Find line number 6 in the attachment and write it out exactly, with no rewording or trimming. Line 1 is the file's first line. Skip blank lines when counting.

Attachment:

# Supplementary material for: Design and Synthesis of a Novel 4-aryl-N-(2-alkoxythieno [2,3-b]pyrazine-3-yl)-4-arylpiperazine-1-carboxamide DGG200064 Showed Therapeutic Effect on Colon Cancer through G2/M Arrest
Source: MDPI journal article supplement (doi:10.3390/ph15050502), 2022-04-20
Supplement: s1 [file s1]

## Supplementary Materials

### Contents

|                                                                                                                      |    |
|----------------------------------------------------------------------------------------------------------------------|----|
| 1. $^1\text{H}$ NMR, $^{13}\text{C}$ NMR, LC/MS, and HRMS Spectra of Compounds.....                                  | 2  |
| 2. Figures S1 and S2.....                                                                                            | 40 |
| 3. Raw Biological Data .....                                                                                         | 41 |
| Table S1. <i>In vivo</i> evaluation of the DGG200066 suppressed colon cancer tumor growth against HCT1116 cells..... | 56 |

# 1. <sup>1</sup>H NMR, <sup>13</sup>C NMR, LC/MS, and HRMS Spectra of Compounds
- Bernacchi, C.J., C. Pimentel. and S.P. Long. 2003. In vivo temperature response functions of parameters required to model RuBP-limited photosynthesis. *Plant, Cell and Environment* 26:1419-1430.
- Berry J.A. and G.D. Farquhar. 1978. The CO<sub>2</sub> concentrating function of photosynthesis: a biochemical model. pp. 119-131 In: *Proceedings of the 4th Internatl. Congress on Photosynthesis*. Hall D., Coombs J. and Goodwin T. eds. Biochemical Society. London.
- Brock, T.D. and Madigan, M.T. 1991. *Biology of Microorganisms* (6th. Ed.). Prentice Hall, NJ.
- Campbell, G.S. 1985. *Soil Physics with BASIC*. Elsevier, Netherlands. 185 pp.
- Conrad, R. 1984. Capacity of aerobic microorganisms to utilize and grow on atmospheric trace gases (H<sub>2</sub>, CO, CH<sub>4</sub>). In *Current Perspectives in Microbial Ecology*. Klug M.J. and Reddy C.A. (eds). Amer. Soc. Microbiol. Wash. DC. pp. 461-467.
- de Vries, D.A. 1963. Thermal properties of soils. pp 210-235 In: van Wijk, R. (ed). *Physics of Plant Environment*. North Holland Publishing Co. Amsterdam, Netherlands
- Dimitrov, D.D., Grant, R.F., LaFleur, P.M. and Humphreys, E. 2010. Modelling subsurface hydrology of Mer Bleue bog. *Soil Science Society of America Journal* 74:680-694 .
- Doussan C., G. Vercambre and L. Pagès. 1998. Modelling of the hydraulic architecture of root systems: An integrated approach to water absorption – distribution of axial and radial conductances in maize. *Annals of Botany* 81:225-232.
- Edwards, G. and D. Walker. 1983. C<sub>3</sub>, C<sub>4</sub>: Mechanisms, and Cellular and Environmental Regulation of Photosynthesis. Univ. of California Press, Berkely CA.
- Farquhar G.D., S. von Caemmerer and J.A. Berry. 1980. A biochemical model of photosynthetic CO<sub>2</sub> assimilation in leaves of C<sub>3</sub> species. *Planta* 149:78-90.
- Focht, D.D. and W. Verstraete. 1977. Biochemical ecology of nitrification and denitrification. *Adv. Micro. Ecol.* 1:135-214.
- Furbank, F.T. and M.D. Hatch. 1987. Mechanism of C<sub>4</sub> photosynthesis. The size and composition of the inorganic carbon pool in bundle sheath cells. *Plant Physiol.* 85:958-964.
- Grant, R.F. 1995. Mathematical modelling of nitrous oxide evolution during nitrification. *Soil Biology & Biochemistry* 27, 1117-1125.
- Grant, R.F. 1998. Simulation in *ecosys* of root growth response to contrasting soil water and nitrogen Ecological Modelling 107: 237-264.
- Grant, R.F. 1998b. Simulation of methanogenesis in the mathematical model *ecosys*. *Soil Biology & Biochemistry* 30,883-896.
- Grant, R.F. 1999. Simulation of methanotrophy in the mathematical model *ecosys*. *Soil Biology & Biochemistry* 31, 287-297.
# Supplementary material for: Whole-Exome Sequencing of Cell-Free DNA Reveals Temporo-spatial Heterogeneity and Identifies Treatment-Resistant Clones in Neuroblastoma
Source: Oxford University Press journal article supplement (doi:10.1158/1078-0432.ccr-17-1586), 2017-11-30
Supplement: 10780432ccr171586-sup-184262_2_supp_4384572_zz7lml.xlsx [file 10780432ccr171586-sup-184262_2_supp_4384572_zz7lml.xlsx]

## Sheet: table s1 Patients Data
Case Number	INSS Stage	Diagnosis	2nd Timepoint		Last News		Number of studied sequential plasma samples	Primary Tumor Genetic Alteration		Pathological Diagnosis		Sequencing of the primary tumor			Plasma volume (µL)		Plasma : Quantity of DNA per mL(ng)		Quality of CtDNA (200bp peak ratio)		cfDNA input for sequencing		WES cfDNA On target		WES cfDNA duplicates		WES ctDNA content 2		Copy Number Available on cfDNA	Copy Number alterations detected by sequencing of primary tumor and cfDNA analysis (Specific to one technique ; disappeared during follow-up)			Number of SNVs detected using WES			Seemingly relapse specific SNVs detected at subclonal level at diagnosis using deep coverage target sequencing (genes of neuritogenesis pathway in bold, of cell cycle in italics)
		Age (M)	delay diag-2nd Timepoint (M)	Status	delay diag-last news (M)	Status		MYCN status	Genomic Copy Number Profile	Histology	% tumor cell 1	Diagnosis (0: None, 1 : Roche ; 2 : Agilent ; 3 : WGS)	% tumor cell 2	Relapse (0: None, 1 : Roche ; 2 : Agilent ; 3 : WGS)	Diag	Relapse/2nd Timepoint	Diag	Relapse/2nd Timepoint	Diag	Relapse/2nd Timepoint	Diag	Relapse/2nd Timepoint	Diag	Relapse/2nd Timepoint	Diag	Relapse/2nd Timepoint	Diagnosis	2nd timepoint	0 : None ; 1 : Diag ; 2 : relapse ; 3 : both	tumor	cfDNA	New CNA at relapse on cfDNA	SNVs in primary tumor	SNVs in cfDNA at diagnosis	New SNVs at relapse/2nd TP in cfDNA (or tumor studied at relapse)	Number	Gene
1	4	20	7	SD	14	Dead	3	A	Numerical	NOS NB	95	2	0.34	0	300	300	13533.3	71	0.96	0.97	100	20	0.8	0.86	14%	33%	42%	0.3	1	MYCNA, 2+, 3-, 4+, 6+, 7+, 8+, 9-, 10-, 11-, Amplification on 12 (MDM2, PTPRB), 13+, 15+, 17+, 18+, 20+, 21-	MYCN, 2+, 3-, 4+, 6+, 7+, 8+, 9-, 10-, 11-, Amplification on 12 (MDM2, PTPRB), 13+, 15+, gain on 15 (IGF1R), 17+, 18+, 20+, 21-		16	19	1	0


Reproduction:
|                                                                                                                      |    |